Slave memorial and museum gets jumpstart under mayor’s plan
Jeremy M. Lazarus | 7/30/2020, 6 p.m.
A long-stalled effort to develop a museum and memorial park in Shockoe Bottom to tell the story of enslaved people in Richmond seems to have gained fresh momentum, but that could quickly evaporate.
Mayor Levar M. Stoney on Tuesday rolled out a plan that calls for the city to invest $53.5 million over the next five years into the creation of the museum and park. That includes an immediate investment of a previously undisclosed $3.5 million to begin design.
But despite cheers from advocates and supporters like Ana Edwards, Phil Wilayto, City Council President Cynthia I. Newbille and Richmond Delegate Delores L. McQuinn, Mayor Stoney might not command the six votes he will need from the nine-member City Council to move the $3.5 million into the project.
His aim is to use the money to jumpstart future development of a museum, memorial park and African-American burial ground between 15th and 17th streets adjacent to Broad and Grace streets — once an epicenter of the slave trade.
Mayor Stoney’s proposal to use those city dollars, though, appears to conflict with the action a City Council majority took just one day earlier. By a 5-2 vote on Monday with two abstentions, the council, including Dr. Newbille, passed a resolution that puts the highest priority on using any unspent or extra dollars from the city budget to help deal with a mounting housing crisis for low-income residents.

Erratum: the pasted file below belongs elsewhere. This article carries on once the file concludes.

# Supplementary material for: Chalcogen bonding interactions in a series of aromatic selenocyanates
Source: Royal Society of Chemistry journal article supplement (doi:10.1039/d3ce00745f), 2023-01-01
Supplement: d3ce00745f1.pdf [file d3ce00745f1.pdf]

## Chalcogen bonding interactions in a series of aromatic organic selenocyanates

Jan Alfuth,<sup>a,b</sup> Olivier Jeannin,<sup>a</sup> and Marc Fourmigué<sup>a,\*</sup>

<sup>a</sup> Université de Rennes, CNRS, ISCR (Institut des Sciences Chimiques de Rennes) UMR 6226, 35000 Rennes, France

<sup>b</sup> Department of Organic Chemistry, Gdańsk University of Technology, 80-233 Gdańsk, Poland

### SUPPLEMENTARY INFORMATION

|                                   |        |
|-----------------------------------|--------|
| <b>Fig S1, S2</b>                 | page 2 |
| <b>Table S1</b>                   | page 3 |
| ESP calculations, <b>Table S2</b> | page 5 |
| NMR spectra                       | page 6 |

Sixth District Councilwoman Ellen F. Robertson, who sponsored the housing resolution, said people must come first even if she supports the mayor’s vision. “People are sleeping in cars and storage bins,” she said.
2nd District Councilwoman and mayoral candidate Kim B. Gray has long backed the effort to tell the Shockoe Bottom story of the enslaved, but she said there are too many other needs that must come first. She cited as an example failing sewer pipes in Gilpin Court that in recent days backed up waste into public housing units.
The city should turn to local corporations and other donors to carry out the Shockoe Bottom plan, Ms. Gray said. Given the financial problems the coronavirus could create for the city, “it would not be prudent” to launch this kind of initiative with scarce dollars.
Fifth District Councilwoman Stephanie A. Lynch said the mayor has put the council in a tough spot, but she, too, believes housing has to come first.
The $3.5 million represents unclaimed dollars from tax sales that are initially held by the Richmond Circuit Court for two years. After all of the city’s expenses are paid, including back taxes, the remaining money belongs to former owners of the sold property, but reverts to the city if no one asks for it. The city has been receiving between $1 million and $2 million a year, according to the court.
Mayor Stoney, however, considers it important to create a centralized area to tell the story of the turmoil, resistance, resilience and triumphs of the Black community.
“Black lives built this city. Black lives have defined Richmond’s history. They matter,” said the mayor. “The story of Black lives should span our skyline, our landscape and our textbooks accordingly.”
Ms. Edwards, chair of the Sacred Ground Historical Reclamation Project, called the mayor’s plan “a big deal.”
Ms. Edwards and her husband, Mr. Wilayto, have spent 16 years lobbying for this kind of investment. She said the memorial park area the couple envisioned years ago is included for the first time.
Since 2015, Richmond has earmarked $17 million for the slave history development, including $9 million in reimbursable funds from the state. The city already has spent more than $2.5 million on planning, but has not been able to proceed on a project that would need an estimated city investment of $50 million.